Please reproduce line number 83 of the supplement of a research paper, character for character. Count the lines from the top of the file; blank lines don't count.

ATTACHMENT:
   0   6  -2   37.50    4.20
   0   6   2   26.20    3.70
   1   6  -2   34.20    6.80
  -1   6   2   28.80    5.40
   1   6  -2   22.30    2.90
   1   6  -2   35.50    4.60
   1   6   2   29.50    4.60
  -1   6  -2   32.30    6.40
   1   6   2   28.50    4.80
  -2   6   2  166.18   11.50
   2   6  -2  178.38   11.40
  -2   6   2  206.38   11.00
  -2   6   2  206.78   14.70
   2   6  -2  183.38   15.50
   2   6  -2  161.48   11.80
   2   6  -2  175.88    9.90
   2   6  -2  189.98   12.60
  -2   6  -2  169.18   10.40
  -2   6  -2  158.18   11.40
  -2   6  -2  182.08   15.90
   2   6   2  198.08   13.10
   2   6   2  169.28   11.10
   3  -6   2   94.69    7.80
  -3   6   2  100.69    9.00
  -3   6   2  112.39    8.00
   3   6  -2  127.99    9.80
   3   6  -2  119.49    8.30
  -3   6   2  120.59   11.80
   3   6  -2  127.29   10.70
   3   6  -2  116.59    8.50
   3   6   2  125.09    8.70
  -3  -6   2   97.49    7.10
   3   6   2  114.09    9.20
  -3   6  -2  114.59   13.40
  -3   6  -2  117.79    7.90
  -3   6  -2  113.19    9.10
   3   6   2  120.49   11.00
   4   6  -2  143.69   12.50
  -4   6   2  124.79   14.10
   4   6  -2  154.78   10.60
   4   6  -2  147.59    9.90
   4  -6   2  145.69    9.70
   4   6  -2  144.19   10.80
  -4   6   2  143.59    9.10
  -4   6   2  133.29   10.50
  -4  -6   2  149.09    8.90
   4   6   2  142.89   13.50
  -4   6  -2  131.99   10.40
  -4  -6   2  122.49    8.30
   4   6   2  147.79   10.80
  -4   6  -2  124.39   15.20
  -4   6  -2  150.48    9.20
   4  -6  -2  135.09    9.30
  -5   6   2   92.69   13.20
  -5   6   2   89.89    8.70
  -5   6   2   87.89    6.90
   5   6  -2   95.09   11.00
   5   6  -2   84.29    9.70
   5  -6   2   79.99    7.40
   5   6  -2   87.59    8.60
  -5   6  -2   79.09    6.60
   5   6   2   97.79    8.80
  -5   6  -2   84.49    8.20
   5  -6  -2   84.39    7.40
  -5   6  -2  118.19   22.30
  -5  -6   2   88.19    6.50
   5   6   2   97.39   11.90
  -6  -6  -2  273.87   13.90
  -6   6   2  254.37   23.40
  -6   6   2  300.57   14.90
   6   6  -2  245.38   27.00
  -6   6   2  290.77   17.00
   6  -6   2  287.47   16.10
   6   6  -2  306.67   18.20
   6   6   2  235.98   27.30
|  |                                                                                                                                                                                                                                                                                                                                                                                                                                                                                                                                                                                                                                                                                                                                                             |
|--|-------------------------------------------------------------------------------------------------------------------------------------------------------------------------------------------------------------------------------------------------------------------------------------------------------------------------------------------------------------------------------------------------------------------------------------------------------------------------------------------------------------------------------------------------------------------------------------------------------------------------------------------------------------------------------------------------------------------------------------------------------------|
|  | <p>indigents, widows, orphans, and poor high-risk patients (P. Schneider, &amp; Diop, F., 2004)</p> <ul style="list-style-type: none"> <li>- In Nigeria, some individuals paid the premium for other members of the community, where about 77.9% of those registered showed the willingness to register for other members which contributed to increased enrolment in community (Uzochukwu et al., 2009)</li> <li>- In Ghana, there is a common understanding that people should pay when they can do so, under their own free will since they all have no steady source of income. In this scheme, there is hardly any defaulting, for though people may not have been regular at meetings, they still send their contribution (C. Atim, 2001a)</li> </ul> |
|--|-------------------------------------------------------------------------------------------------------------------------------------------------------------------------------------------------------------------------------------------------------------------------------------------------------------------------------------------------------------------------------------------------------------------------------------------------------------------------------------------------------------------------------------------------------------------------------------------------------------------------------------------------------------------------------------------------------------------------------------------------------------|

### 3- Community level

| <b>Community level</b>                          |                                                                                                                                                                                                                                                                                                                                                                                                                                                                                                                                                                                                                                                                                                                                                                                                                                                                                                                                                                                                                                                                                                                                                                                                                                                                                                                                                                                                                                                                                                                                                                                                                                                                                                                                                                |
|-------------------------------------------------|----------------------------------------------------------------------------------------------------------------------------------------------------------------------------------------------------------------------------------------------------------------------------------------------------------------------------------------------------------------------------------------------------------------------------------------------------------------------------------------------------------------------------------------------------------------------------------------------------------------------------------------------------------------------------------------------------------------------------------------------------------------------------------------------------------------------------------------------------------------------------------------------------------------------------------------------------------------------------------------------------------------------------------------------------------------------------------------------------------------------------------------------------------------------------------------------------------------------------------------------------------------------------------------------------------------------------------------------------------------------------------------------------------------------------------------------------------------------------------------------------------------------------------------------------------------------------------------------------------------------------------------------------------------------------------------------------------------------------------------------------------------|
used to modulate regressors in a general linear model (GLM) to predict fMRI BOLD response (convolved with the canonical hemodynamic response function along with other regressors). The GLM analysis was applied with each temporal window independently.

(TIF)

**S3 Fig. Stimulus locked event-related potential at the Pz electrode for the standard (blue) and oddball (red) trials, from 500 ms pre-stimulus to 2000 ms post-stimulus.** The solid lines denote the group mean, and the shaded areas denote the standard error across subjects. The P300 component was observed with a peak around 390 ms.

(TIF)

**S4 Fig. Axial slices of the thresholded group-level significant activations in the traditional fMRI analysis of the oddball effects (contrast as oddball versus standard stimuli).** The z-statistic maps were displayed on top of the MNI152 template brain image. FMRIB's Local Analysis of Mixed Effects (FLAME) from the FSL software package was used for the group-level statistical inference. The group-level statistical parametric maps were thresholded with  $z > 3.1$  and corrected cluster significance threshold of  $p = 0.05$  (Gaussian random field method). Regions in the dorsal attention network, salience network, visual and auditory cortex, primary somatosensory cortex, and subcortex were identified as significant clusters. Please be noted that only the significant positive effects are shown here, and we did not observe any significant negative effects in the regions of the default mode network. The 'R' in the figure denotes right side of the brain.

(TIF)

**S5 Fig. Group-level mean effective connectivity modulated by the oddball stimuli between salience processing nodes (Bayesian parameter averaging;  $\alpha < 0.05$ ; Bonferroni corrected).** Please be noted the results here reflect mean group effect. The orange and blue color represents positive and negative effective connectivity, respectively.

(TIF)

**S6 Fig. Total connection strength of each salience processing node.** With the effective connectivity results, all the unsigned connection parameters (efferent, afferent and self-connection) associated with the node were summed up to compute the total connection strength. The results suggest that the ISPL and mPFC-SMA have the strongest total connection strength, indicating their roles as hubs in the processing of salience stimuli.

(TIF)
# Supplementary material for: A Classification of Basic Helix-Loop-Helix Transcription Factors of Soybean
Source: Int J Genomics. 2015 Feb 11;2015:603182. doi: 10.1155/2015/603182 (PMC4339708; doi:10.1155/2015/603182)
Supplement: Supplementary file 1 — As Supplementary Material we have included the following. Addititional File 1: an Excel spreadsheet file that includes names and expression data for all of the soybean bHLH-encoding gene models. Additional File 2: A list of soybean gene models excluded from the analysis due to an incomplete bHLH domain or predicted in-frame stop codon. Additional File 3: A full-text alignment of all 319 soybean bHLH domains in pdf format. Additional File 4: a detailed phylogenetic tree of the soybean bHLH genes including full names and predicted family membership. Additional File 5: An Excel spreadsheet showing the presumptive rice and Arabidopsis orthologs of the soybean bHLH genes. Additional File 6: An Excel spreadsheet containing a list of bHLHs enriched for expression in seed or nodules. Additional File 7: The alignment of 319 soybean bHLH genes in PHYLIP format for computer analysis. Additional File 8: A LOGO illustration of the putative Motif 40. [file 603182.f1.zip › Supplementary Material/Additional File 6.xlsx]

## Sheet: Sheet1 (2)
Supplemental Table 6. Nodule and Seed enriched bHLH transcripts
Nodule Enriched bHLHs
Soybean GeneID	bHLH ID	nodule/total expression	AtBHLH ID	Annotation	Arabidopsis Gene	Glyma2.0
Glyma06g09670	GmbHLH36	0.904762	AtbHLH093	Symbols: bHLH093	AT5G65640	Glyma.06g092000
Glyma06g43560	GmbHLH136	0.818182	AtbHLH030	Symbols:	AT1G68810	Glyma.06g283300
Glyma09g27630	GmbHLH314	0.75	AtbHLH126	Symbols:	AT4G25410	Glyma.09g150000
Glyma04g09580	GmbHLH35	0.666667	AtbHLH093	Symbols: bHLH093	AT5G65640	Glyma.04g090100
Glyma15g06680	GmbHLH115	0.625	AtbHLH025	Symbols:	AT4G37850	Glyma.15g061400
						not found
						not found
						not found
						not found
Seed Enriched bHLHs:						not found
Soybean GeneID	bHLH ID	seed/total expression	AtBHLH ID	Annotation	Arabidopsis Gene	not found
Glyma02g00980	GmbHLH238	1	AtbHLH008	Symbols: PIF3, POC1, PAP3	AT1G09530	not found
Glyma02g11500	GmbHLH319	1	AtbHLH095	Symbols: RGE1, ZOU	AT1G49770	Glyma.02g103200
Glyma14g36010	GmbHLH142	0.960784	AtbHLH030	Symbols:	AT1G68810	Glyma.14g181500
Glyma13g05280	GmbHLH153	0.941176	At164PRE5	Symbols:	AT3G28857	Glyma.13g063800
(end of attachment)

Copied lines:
used to modulate regressors in a general linear model (GLM) to predict fMRI BOLD response (convolved with the canonical hemodynamic response function along with other regressors). The GLM analysis was applied with each temporal window independently.